But it is also a reminder, in these final pivotal moments of the Article 50 process, of what's at stake. The power, reputation and pride of the country is on the line. The primary argument against Brexit has always been a patriotic one. And today shows why that is. You can run from that truth. You can hide from it. But there's no place left anymore. It is plain for all to see. The bleak, drab, pitiless reality of what this project entails is now visible to the world. It can still be stopped, and it must be.

Ian Dunt is editor of Politics.co.uk and the author of Brexit: What The Hell Happens Now?

2
General discussion / Re: Various bits re Brexit and Economics
« on: March 21, 2019, 01:49:01 PM »
WTF

https://www.telegraph.co.uk/politics/2019/03/19/no-deal-better-brexit-delay-say-public-poll-finds-just-one-10/

No deal is better than Brexit delay, say voters – exclusive Telegraph poll


 Despite the Brexit shambles, Mrs May remains the most favourable politician with over one quarter of voters
•   Camilla Tominey, ASSOCIATE EDITOR
19 March 2019 • 6:00am
Follow
Nearly half of the British public is confident that the UK will ultimately thrive if it leaves the EU without a deal, according to a new poll.
The exclusive ComRes survey for The Daily Telegraph found that 46 per cent of adults think leaving without a deal would “briefly cause some uncertainty but ultimately work out OK”, compared with 40 per cent who support extending Article 50.
Three in 10 adults (30 per cent) think leaving the EU without a deal on March 29 will be the best possible outcome, according to the poll, compared with more than two in five who disagree (43 per cent). ComRes also asked on behalf of Leave Means Leave if taking no deal off the table has weakened our negotiating hand. Half (50 per cent) say yes, and 24 per cent no.
Asked if Mrs May’s deal delivers Brexit, just 14 per cent say yes and 54 per cent no. Just 18 per cent believe it honours the referendum result, compared with 33 per cent who think it does not. Thirty seven per cent say in 2016 they expected to leave with no deal, while 20 per cent expected to leave with a withdrawal agreement.
The Telegraph poll found the country split over whether Theresa May should put her Withdrawal Agreement to a third meaningful vote, with 38 per cent for and 39 per cent against.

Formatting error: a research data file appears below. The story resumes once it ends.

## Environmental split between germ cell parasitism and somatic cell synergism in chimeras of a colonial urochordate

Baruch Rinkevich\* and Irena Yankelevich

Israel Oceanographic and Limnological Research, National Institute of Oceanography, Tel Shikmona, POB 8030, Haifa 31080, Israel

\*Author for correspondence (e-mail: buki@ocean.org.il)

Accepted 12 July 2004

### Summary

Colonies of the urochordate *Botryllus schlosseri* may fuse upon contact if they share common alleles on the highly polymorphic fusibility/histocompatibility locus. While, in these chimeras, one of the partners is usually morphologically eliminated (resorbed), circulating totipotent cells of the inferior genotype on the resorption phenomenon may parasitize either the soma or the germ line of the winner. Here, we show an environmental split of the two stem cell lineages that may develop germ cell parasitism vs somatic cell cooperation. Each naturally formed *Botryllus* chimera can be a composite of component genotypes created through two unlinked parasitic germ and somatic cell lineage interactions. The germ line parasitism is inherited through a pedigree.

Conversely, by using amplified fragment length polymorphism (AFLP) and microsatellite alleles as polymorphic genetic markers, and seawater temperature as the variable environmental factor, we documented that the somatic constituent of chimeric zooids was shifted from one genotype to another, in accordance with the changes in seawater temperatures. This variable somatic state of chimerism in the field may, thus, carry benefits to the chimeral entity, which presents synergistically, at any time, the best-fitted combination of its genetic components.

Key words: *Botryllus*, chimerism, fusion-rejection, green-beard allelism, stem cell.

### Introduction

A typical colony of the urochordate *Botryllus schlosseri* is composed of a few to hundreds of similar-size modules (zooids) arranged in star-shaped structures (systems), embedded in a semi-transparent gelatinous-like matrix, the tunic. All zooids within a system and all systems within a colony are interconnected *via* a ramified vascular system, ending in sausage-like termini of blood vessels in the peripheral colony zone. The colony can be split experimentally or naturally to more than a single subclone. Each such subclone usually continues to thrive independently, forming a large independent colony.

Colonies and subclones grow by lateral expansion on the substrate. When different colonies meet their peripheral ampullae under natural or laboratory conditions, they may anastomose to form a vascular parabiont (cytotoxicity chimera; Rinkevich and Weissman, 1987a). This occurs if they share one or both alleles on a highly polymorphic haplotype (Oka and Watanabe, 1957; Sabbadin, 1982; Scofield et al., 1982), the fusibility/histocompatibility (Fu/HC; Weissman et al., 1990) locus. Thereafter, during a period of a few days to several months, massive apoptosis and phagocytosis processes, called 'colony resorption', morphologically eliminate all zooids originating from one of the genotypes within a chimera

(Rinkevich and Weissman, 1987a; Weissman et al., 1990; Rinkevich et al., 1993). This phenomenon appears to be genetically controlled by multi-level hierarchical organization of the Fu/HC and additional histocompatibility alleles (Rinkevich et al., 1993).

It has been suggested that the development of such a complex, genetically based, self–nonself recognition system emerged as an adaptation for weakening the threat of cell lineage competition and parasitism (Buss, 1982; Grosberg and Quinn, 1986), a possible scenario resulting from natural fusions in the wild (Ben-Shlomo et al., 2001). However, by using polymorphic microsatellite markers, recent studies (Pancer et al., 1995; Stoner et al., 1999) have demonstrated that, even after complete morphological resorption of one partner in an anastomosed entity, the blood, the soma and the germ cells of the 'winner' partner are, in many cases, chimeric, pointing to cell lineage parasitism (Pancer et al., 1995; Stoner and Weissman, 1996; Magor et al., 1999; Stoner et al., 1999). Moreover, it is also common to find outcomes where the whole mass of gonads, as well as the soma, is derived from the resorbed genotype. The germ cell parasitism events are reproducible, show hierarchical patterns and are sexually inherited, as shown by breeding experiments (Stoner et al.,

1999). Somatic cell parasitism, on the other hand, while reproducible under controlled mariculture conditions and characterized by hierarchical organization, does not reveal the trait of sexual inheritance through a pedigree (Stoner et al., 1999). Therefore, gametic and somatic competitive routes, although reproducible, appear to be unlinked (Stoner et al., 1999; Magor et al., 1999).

Nearly two thirds of Britons (61 per cent) think Brussels is trying to punish the UK in the negotiations, while one in five disagrees (22 per cent).
The findings mark the first in a new series of regular monthly polls in a partnership between The Telegraph and ComRes to track voter attitudes. The poll puts Labour one point ahead of the Conservatives on 35 per cent – almost unchanged since the last ComRes voting intention poll conducted earlier this month. In a general election, it would leave the Conservatives 41 seats short of a majority.
Despite the Brexit shambles, Mrs May remains the most popular politician, with the backing of 27 per cent of voters. Asked if she should resign immediately, 34 per cent agree and 41 per cent disagree.
Although half (52 per cent) regard her as bad at negotiating Brexit, she is still the most popular choice with 29 per cent of voters, compared with 25 per cent who think Boris Johnson would do a better job and 21 per cent who would prefer Jacob Rees-Mogg.
Just 18 per cent of adults think Jeremy Corbyn would do a good job in negotiations, while 58 per cent disagree. He is also the least popular politician, with a 56 per cent disapproval rating, while nearly half have an unfavourable opinion of Mr Johnson (49 per cent).
Suggesting that public trust has eroded in politicians, three in five have an unfavourable view of MPs (59 per cent), compared with only five per cent who say they are doing a good job.
Only one in 10 British adults says they trust MPs to do the right thing by the country over Brexit (11 per cent), while seven in 10 disagree (68 per cent).
The Leave Means Leave poll found nearly half (44 per cent) of the public thinks the Government “seems to be in favour of remaining in the EU and has set out to thwart Brexit from the beginning”, with 27 per cent disagreeing.
ComRes interviewed 2,033 British adults online between March 15-17

3
Hurling Discussion / Re: The home of hurling
« on: March 21, 2019, 01:36:44 PM »
Bit of a surprise with the Dubs beating Tipp who are not as lethal as in seasons past
 
https://www.irishtimes.com/sport/gaelic-games/hurling/dublin-spring-surprise-against-tipperary-1.3829052

Hard to know as Sheedy is open about the fact that he felt Tipp weren't as well physically conditioned as some other teams and he's probably set about correcting that.
If they were put through a few tough training sessions in the week then it's no wonder they were flat.

it's all about May now.
they made a huge improvement between April and the AIF in 2017 so maybe it's nothing

4
General discussion / Re: Various bits re Brexit and Economics